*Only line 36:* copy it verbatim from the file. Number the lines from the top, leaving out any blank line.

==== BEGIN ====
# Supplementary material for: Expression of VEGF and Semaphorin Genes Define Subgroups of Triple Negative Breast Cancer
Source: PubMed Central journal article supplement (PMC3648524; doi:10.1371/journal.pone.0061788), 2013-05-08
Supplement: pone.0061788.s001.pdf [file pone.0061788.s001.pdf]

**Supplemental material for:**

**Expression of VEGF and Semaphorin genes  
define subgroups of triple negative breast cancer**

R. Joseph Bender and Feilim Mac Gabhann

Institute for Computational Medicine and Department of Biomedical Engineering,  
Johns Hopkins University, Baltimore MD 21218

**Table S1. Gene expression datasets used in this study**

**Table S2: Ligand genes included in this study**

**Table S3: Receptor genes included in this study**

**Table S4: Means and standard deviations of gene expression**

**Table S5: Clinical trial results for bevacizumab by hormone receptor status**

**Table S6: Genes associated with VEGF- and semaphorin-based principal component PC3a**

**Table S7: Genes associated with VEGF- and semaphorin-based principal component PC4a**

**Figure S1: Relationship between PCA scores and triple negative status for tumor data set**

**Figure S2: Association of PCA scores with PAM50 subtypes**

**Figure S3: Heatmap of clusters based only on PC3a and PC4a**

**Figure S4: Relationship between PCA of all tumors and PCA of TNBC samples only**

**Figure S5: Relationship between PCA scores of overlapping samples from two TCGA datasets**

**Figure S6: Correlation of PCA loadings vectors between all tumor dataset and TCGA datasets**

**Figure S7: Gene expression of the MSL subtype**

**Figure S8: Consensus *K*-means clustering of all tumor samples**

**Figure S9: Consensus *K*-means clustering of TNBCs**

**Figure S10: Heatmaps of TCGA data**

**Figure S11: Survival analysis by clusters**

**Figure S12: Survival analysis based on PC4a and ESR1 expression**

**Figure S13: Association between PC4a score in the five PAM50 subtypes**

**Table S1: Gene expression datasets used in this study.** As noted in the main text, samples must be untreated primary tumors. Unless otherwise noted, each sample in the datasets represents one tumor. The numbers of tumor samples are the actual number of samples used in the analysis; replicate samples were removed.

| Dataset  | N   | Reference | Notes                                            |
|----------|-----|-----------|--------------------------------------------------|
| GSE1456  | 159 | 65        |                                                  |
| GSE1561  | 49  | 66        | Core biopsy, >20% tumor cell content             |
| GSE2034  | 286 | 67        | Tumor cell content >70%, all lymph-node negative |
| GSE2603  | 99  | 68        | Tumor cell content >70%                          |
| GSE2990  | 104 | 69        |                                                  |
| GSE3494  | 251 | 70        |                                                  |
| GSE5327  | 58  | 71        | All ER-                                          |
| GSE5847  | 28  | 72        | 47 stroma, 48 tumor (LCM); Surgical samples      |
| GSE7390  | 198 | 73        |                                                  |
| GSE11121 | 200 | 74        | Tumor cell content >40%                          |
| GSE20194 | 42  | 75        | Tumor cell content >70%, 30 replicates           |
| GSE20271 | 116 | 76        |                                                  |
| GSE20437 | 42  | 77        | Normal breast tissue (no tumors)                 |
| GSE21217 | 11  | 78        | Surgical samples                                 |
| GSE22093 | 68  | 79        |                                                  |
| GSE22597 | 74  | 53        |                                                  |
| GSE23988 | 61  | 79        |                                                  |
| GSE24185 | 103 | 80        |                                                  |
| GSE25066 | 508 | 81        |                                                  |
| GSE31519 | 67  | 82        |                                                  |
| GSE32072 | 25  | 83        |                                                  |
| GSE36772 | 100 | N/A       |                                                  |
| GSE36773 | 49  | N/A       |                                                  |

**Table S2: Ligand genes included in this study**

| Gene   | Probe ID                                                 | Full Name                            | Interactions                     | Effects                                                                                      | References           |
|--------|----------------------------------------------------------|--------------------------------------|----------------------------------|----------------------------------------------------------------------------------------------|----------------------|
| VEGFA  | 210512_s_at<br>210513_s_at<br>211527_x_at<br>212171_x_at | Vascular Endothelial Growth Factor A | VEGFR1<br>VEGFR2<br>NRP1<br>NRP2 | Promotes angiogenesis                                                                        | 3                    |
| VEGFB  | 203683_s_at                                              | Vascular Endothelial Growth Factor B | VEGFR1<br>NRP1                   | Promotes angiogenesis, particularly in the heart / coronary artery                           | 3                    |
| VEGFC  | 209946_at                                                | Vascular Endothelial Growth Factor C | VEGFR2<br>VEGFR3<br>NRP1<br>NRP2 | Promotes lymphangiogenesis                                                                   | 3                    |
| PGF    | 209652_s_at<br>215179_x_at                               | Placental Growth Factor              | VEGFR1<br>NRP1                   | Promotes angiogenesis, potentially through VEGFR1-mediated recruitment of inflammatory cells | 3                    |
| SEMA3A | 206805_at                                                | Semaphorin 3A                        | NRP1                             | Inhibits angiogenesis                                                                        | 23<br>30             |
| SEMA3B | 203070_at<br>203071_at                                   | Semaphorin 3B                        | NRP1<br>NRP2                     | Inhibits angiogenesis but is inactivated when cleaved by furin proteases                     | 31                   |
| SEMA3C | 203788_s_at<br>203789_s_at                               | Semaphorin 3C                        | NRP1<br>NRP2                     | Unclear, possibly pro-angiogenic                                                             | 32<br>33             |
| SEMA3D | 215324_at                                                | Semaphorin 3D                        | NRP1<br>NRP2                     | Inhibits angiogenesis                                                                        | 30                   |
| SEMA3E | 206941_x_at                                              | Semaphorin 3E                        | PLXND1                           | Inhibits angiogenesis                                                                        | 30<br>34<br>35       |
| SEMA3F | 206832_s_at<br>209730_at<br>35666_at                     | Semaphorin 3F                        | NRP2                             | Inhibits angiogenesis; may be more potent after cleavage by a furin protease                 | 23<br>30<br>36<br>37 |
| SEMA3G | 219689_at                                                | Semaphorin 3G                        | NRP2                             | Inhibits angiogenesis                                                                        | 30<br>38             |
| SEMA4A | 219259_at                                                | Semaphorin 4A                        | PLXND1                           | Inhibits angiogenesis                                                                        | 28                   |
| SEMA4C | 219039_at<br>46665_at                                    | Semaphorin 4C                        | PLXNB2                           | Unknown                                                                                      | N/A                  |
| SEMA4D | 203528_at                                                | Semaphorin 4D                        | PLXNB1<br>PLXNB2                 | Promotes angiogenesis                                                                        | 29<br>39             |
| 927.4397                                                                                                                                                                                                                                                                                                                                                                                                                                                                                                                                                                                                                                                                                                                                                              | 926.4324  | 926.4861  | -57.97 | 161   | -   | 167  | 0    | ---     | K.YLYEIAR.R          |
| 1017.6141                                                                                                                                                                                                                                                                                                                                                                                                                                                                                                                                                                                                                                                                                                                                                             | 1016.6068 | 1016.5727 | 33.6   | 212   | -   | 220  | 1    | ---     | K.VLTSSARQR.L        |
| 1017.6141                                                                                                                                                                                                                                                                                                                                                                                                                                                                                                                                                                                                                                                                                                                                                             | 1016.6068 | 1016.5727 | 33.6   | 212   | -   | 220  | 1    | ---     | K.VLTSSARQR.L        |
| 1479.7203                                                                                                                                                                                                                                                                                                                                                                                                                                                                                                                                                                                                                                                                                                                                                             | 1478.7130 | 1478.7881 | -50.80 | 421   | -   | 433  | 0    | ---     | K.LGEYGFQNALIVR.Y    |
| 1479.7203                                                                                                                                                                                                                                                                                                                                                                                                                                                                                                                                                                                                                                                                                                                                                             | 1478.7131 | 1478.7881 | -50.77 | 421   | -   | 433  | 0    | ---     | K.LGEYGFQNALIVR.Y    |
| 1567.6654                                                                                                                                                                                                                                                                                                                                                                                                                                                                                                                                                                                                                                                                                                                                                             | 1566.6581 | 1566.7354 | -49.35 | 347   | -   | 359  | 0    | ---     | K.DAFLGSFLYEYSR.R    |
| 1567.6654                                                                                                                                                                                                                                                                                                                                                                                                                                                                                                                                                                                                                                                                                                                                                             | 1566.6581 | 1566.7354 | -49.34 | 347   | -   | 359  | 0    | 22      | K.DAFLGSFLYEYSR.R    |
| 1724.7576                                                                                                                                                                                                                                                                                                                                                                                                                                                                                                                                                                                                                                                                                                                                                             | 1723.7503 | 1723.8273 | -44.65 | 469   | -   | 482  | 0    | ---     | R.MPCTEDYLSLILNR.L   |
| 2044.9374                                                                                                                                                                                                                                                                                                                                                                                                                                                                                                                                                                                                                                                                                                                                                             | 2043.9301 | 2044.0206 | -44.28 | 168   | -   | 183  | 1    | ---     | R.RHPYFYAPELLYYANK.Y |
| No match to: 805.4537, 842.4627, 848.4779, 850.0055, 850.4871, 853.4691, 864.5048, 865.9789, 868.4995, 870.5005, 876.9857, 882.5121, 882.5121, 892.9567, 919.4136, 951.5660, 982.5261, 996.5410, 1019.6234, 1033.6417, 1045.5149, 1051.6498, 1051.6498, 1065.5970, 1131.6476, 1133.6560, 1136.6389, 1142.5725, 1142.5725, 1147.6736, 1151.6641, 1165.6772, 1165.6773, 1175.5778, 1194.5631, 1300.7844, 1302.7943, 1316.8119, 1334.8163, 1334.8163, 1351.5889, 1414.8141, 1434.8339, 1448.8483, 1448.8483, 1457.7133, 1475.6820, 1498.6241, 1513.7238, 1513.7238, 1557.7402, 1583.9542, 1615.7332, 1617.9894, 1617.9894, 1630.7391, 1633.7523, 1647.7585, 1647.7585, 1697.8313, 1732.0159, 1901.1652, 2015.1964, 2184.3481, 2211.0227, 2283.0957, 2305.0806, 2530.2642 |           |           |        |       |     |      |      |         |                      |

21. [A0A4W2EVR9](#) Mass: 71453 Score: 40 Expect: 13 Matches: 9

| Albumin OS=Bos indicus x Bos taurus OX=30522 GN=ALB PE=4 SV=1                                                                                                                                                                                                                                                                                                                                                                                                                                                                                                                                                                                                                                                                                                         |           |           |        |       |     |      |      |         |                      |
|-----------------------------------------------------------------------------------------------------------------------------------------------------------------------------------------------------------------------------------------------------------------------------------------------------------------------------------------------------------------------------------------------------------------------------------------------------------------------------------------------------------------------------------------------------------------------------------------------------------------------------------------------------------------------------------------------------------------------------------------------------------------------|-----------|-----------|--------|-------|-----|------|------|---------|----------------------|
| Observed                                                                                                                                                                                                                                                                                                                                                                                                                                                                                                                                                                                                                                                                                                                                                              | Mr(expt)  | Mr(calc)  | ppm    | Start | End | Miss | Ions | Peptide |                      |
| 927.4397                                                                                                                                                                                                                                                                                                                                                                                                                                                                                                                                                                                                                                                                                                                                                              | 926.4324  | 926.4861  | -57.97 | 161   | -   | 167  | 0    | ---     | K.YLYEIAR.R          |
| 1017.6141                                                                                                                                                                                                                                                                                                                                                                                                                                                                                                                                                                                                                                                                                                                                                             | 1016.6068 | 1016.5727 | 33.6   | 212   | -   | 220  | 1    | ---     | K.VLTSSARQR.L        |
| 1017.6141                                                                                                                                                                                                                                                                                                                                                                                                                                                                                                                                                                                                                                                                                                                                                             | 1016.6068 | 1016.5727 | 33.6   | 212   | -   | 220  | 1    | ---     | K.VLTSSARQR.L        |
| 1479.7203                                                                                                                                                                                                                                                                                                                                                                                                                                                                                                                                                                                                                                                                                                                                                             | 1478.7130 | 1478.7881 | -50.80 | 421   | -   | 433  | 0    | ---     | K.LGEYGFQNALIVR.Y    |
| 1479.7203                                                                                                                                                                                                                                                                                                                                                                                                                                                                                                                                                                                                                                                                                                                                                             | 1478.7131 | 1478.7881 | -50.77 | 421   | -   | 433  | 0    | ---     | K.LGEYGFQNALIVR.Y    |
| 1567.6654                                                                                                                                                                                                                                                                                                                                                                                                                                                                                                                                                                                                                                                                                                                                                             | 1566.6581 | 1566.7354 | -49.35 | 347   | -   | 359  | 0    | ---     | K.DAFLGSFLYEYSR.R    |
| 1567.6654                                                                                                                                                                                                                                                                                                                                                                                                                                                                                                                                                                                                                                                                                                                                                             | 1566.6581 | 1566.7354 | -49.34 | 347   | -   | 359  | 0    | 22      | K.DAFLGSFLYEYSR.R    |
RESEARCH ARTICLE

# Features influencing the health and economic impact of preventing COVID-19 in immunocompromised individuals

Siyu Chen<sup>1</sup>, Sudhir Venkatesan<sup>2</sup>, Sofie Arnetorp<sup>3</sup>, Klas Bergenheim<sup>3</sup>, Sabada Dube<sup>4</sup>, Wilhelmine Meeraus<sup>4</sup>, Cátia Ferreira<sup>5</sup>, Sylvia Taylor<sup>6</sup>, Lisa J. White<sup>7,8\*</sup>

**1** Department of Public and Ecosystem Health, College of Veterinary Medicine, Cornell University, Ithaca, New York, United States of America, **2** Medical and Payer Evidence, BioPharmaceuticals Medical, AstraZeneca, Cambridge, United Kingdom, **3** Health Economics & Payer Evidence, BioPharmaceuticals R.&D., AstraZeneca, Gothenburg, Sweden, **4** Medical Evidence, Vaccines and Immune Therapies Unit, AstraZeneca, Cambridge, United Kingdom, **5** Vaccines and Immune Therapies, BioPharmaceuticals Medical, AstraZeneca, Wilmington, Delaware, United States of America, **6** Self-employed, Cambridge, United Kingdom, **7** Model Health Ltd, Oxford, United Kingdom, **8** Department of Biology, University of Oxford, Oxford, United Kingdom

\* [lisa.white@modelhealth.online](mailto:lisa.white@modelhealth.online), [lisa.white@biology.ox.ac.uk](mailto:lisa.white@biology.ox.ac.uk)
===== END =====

| GSE2603  | 99  | 68        | Tumor cell content >70%                          |